Although I’m partial to German engineering when it comes to performance monikers such as BMW’s M cars, Porsche’s Turbos, the Audi S line, and Mercedes-Benz’s AMGs, the Cadillac V-Series has always represented the Americans with respect and dignity. The letter “V” is instilled with vigorous, vital enhancements and vicious styling to differentiate it from the standard models. I have piloted every prior V-Series model on tracks and in the streets, so when the 2020 CT5-V — donned in an Evergreen Metallic hue — rolled up, I was overly excited to connect Cadillac’s past to its present.
The AWD CT5-V craved to be driven; therefore, I immediately took it out for an initial spin after arrival. Its 3-liter twin-turbo V6 (360-horsepower and 405 lb-ft of torque) and 10-speed automatic transmission are always ready for action. I set the gear shifter in manual, switched the modes to Sport, and dropped (downshifted) the magnesium paddle shifters for thrilling acceleration. The acoustic reverberation from the trapezoid quartet of pipes popping as the vehicle moved through gears was sensational. In this sequence, the road disappeared quickly! ZR19 Michelin Pilot Sport 4s performance tires pair with Magnetic Ride Control (interprets road conditions and appropriately adjusts) and an electronic Limited-Slip Rear Differential to offer stellar handling. Front Brembo brakes are assigned stopping duty for the 19″ alloy rims, which are simultaneously classy and sporty, but short of domineering for a sports car. And don’t forget about the V-Mode button that allows for customization of the exhaust, suspension, steering, powertrain, and braking habits.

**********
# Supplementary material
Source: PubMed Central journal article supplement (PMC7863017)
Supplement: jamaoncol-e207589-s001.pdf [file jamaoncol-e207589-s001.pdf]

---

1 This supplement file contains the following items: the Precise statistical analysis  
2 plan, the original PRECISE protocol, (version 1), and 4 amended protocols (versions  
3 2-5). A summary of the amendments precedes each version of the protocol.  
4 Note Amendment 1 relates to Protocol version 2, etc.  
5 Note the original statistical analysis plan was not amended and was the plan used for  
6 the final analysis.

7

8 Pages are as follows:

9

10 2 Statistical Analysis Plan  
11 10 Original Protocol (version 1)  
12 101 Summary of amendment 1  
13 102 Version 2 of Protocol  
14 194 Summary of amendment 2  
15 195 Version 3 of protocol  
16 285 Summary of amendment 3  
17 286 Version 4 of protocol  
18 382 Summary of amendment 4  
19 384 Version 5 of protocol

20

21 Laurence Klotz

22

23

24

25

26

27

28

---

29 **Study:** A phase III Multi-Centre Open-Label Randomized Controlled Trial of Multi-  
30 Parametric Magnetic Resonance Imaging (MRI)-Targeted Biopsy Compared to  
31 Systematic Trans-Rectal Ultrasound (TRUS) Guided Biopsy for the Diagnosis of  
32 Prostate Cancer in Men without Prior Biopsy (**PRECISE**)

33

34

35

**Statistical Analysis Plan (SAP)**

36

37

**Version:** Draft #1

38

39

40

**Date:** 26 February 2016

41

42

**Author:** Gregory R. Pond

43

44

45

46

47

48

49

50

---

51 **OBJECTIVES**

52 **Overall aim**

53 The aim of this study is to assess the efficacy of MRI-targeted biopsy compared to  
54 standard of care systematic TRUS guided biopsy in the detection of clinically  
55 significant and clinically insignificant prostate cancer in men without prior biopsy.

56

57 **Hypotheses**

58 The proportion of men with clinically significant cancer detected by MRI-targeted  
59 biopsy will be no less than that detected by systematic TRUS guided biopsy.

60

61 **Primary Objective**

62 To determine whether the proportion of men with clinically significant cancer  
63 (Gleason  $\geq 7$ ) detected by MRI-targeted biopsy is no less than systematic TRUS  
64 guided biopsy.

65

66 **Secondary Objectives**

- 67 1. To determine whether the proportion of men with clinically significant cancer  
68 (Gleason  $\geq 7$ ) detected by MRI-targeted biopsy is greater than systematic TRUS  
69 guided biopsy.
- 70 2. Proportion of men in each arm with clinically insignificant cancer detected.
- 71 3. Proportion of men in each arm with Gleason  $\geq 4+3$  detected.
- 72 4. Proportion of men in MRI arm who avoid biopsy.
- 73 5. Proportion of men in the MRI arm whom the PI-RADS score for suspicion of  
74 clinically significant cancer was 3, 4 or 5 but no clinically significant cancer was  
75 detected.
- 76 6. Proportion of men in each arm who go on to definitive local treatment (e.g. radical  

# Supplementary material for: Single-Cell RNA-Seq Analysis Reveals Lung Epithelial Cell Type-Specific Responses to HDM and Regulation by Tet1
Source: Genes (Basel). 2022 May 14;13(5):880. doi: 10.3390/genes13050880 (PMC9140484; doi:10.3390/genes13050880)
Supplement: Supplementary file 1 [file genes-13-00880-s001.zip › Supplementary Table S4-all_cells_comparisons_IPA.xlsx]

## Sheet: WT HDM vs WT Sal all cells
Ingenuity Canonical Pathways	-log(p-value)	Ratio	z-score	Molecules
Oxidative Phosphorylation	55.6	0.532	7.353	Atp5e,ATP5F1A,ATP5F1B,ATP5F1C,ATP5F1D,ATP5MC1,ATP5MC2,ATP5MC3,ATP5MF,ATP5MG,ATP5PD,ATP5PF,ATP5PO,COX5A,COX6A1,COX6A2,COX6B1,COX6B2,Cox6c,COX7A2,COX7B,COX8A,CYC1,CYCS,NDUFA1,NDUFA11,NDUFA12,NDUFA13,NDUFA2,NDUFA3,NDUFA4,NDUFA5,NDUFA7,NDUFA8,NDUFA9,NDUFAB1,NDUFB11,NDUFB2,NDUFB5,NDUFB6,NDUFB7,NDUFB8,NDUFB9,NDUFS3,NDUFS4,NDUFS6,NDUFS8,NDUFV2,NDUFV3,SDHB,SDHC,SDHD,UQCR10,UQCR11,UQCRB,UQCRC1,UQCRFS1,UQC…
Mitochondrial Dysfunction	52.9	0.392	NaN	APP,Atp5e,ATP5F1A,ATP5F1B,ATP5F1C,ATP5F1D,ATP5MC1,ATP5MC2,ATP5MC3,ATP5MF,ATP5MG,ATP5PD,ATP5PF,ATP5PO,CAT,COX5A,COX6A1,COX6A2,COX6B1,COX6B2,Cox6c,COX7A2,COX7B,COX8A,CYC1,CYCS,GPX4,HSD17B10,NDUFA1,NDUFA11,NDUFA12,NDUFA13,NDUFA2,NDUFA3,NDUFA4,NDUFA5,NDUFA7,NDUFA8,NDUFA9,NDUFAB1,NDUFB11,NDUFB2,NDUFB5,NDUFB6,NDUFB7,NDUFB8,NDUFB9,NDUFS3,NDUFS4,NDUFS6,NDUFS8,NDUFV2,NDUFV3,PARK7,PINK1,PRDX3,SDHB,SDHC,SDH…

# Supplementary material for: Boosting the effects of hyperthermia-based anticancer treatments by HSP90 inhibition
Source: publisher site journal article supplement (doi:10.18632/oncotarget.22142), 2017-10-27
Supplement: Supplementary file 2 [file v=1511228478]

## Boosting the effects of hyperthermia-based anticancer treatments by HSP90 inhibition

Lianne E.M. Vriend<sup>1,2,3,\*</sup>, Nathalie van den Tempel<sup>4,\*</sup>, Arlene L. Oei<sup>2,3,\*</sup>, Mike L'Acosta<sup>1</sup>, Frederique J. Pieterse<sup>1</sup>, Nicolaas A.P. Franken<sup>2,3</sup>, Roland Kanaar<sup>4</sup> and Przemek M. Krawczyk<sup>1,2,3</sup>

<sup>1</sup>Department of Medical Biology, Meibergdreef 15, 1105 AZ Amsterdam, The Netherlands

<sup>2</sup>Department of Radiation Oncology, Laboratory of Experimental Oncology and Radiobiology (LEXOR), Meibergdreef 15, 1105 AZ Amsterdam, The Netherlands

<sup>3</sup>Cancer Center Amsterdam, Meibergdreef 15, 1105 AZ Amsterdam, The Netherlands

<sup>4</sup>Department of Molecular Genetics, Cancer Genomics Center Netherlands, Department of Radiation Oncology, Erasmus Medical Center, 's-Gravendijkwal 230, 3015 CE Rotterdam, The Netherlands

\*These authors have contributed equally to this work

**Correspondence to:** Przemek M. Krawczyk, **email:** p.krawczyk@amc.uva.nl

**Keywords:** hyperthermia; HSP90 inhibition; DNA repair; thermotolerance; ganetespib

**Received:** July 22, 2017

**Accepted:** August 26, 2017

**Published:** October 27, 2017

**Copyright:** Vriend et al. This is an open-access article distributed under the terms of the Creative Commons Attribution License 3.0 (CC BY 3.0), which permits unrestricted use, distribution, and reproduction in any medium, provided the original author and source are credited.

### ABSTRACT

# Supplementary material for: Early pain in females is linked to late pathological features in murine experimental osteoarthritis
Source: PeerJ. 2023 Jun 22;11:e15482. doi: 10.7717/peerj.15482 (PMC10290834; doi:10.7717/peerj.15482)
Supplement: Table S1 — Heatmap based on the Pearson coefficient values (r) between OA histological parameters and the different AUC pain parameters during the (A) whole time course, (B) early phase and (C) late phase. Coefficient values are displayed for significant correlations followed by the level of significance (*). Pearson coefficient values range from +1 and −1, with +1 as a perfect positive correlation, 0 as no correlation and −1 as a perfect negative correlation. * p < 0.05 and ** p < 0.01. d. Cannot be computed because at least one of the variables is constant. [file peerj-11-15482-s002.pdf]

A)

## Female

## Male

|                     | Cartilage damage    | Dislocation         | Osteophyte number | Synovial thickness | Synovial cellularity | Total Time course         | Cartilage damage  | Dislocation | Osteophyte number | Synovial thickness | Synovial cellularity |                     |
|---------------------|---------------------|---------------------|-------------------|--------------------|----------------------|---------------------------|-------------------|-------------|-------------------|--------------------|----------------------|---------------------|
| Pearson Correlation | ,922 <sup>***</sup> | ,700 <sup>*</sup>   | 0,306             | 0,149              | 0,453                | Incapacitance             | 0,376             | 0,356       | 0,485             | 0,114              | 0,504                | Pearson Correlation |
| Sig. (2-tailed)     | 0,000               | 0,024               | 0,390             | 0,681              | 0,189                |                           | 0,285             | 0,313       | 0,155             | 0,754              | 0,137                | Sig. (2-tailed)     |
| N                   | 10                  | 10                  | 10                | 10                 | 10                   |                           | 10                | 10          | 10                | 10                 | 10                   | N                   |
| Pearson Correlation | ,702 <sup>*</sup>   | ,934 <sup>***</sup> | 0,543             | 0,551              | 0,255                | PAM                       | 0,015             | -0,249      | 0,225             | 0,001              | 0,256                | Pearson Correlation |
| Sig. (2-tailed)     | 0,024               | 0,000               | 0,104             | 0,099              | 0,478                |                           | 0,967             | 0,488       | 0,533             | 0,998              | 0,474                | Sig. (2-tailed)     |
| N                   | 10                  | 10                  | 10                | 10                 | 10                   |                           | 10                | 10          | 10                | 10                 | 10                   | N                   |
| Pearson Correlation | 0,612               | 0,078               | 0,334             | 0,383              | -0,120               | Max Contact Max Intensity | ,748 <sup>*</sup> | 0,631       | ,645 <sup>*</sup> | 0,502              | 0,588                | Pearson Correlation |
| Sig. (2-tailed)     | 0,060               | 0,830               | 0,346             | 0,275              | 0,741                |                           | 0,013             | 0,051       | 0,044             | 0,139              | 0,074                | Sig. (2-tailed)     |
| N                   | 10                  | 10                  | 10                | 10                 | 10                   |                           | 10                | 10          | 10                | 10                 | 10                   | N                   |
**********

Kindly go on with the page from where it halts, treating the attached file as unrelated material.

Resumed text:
The current V is not as bulky as I recall and appears to be lean, but chiseled. Think of Black Panther as opposed to Hercules. The vehicle is accentuated by Gloss Black exterior details, a dark V split grille, rear spoiler, rocker molder extensions, and rear lower diffuser. However, my loaner was devoid of the UltraView power sunroof, which is a must for me these days unless I’m rocking a vehicle with a carbon-fiber roof.
Inside the cockpit, envision a marriage between a racecar driver and a Queen. One presents opulence and the other aggression. Carbon fiber panels, Jet Black / Whisper Beige, two-toned chairs with red stitching and huggable sports bolsters, 15-speaker Bose Performance Series audio with metal grilles, and the latest version of the 10” Cadillac User Experience (CUE) enhance the presentation. You also have wireless phone charging, seat leg extenders, a rotary dial, and physical knobs that work well with the touchscreen. In prior times CUE was a headache with its haptic feedback and multiple screens for simple tasks. I’m thrilled to see the user-friendliness of the latest version.
Starting at $47,695 ($58,305 as tested), the CT5-V is joined by the CT4-V and top-of-the-line CT6-V, starting at a whopping $94,895. Cadillac’s goal is to exceed expectations from performance aficionados who typically default to German rides for blood sugar spikes. I’m impressed.